Iran said yesterday that it began installing advanced centrifuges at its main uranium enrichment site a month ago.
The statement came as officials from the United Nations' nuclear watchdog were in Tehran in an attempt to reach an agreement on inspections to allow the "possible military dimensions" of Iran's nuclear programme to be investigated.
It was the third such trip to Tehran in as many months by a delegation from the International Atomic Energy Agency (IAEA).
Without a breakthrough, Iran faces a possible referral to the UN security council in March.
The UN agency wants to inspect the Parchin military complex near Tehran, where it suspects that until 2003, and possibly beyond, Iran carried out experiments with explosives capable of triggering a nuclear weapon. It also wants access to Iranian scientists and sensitive documents.
Tehran repeatedly has said it was willing to remove "any ambiguities" over its nuclear programme, which it insists is solely peaceful in nature.
But Iran seemingly was linking cooperation with the IAEA to what it calls recognition of its nuclear "rights" - meaning western acceptance of its uranium enrichment programme.
On the sidelines of a cabinet meeting yesterday, Mahmoud Ahmadinejad, the Iranian president, said Iran's right to pursue peaceful nuclear technology had to be respected.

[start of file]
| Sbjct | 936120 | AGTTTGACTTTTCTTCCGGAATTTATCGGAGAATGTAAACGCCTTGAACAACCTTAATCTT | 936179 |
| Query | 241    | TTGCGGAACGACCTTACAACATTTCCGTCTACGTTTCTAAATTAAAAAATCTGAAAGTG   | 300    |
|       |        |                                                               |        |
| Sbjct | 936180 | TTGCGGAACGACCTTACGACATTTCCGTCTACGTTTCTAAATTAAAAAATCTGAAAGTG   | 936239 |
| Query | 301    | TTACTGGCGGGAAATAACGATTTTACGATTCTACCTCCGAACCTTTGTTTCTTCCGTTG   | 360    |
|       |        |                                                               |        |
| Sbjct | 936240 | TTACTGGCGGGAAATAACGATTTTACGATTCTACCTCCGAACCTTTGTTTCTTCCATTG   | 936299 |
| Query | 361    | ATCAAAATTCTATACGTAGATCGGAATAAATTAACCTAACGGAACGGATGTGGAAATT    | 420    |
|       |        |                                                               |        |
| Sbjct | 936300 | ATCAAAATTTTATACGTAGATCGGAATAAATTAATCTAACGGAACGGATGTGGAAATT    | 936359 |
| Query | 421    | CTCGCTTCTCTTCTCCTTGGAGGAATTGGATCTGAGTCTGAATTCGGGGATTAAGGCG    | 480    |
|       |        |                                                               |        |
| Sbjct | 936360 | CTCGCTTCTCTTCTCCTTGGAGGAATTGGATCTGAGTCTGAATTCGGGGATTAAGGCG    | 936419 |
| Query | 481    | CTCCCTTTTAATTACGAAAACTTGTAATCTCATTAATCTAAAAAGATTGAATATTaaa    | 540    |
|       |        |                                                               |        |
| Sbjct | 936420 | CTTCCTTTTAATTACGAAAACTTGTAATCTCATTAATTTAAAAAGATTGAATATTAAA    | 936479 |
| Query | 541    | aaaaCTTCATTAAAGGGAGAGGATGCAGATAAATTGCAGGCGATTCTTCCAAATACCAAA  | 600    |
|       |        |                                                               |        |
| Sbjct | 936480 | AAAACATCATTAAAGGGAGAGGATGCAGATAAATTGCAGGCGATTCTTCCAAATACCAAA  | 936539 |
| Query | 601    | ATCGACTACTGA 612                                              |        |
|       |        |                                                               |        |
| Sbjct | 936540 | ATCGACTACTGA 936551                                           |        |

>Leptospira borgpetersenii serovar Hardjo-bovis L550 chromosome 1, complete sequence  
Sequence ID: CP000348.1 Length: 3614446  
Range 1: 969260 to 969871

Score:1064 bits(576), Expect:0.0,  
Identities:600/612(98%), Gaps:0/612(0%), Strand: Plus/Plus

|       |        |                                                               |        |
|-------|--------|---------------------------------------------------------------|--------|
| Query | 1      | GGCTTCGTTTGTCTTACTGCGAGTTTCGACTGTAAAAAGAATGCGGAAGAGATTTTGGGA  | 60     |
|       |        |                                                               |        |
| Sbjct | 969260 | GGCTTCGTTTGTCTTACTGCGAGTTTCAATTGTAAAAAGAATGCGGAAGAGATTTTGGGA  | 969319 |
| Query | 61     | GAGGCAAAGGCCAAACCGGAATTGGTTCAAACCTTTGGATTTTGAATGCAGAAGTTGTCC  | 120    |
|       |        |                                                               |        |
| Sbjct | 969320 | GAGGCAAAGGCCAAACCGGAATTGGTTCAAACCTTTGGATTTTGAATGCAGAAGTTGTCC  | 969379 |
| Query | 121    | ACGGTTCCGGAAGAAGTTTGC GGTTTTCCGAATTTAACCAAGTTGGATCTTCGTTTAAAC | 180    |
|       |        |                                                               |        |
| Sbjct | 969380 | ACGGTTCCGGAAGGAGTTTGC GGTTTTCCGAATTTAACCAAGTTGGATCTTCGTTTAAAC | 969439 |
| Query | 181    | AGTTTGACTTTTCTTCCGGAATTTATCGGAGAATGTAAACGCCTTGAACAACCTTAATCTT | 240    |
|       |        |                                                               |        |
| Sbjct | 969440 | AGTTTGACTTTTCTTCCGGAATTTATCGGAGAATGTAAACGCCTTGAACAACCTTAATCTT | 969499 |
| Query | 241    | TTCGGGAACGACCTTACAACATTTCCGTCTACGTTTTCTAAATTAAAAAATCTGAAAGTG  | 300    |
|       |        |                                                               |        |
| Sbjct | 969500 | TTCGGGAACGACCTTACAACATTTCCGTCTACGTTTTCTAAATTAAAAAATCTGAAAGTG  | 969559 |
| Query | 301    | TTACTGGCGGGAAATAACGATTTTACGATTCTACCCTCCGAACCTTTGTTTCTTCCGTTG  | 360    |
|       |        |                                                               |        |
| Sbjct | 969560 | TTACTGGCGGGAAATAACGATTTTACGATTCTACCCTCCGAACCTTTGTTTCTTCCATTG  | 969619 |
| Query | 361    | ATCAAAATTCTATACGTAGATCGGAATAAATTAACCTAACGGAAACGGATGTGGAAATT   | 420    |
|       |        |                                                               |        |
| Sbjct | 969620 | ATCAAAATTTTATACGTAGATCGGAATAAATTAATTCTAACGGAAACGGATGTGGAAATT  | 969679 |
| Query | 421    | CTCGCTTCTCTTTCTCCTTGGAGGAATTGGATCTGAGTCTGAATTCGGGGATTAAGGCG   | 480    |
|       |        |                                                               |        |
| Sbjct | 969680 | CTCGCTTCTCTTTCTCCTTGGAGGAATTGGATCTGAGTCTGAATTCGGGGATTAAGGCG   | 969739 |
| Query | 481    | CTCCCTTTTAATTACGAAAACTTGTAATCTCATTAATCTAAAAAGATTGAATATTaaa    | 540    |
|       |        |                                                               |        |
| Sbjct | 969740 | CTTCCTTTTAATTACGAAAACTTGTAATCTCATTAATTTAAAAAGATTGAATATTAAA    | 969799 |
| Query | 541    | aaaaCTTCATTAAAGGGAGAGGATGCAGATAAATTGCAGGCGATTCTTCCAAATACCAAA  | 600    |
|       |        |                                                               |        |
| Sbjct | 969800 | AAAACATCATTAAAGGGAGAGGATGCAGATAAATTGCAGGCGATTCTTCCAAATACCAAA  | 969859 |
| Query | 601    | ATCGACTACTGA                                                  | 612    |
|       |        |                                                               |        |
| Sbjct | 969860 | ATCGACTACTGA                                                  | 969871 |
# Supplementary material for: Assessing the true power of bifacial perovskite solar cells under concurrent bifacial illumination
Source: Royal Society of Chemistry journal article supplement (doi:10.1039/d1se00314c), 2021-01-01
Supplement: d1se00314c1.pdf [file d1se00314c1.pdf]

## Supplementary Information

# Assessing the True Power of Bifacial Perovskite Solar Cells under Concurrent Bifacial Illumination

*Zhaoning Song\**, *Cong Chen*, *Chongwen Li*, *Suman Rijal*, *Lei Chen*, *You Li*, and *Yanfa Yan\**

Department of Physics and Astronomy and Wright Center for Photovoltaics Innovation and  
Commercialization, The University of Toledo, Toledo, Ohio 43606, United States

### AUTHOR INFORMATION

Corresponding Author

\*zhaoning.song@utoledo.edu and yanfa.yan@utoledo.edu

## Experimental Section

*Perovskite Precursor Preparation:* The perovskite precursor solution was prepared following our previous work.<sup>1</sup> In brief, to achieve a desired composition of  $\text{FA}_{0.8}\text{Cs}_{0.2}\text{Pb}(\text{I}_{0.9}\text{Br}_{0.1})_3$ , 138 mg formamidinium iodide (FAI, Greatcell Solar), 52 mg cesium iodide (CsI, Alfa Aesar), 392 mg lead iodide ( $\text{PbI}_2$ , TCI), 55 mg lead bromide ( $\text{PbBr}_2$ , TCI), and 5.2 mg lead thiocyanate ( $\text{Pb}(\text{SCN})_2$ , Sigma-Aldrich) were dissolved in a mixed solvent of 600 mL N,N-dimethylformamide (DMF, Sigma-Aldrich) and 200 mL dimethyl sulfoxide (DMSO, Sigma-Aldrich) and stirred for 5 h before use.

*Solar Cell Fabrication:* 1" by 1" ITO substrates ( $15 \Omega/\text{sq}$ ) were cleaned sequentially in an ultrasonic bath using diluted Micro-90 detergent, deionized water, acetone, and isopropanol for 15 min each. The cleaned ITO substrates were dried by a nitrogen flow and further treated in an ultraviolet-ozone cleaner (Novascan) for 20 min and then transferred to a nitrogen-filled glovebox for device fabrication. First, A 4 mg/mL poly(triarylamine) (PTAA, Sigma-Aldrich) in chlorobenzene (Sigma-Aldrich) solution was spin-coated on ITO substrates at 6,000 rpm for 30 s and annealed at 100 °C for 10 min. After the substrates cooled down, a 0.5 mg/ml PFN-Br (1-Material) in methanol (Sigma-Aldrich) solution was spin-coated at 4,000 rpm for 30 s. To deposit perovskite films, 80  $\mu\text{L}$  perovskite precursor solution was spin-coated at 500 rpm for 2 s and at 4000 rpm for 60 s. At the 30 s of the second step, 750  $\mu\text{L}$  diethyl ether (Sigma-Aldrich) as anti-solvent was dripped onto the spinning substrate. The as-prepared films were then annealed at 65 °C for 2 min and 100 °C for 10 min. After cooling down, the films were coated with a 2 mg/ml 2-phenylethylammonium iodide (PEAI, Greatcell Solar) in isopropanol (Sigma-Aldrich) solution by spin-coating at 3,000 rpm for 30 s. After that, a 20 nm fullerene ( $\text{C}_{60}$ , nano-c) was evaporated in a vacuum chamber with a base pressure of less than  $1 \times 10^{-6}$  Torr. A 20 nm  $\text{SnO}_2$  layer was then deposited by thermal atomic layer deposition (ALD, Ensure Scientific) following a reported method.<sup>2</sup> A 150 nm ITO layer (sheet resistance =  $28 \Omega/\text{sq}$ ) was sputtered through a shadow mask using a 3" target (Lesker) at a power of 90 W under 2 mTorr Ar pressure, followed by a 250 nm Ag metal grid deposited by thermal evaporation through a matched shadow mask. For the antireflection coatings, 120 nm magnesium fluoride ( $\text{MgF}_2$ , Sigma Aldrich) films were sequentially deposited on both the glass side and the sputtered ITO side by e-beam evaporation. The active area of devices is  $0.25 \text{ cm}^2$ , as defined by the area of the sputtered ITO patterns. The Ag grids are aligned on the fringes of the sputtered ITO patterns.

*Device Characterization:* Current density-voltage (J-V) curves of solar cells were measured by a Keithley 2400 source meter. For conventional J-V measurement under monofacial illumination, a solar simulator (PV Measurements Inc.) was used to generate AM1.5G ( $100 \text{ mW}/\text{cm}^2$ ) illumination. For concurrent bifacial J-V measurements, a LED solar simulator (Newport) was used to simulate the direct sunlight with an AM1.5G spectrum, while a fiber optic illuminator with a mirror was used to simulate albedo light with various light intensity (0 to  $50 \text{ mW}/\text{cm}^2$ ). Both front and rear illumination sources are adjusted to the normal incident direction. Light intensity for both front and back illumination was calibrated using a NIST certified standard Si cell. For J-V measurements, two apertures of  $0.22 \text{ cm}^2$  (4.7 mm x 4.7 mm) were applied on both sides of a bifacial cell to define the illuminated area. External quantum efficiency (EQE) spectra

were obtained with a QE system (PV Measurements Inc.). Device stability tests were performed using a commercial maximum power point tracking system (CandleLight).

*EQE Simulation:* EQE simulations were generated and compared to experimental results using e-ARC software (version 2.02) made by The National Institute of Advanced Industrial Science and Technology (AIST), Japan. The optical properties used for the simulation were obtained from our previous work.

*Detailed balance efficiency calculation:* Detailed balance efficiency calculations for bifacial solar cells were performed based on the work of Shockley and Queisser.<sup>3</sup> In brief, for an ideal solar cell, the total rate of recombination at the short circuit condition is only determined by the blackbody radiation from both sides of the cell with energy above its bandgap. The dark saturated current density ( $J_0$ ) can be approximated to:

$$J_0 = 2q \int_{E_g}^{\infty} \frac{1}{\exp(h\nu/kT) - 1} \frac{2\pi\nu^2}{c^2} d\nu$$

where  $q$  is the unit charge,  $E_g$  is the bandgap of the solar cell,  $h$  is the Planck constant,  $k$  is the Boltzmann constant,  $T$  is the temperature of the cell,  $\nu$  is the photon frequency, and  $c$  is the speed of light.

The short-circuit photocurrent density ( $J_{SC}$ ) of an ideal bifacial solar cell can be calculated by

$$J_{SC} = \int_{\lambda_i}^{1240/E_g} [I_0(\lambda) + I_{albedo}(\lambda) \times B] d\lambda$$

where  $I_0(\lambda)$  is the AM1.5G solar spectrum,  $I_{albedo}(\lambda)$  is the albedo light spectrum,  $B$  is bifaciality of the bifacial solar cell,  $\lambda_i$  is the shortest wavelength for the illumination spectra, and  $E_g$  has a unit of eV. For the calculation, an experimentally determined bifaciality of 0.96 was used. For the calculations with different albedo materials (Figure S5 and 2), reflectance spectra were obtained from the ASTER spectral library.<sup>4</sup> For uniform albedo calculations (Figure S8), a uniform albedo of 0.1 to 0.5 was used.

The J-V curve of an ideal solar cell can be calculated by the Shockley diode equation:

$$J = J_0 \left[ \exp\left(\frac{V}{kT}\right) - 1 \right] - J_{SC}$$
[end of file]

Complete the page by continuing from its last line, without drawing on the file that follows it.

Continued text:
Yesterday's talks were closely monitored by the so-called P5+1 group of nations, consisting of the five permanent members of the Security Council - the United States, Britain, Russia, China and France - along with Germany.
The group has been preparing to resume wider nuclear negotiations with Iran in Kazakhstan on 26 February.
Iran, keen to strengthen its hand, has sent mixed signals ahead of those talks.
Tehran drew a sharp rebuke from Washington this month when officials announced plans to install more advanced centrifuges at its main nuclear enrichment facility at Natanz.
Yesterday, the head of Iran's atomic energy organisation, Fereydoun Abbasi-Davani, announced Tehran had started implementing those plans a month ago.
But he was careful to point out that the new centrifuges - machines that enrich uranium gas by spinning it at supersonic speeds - were specifically for enrichment below 5 per cent purity, the kind needed to fuel nuclear power plants, and not the higher grade of 20 per cent that most concerns the West.
Meanwhile, Iran on Tuesday confirmed it was converting some of its stockpile of 20 per cent-enriched uranium into fuel for a reactor in Tehran that produces medical isotopes for cancer patients. That adds more time for diplomacy.
Israel, the region's sole nuclear-armed power, has warned that Iran could have enough enriched uranium for a bomb by June and has threatened military action to prevent Tehran reaching that threshold.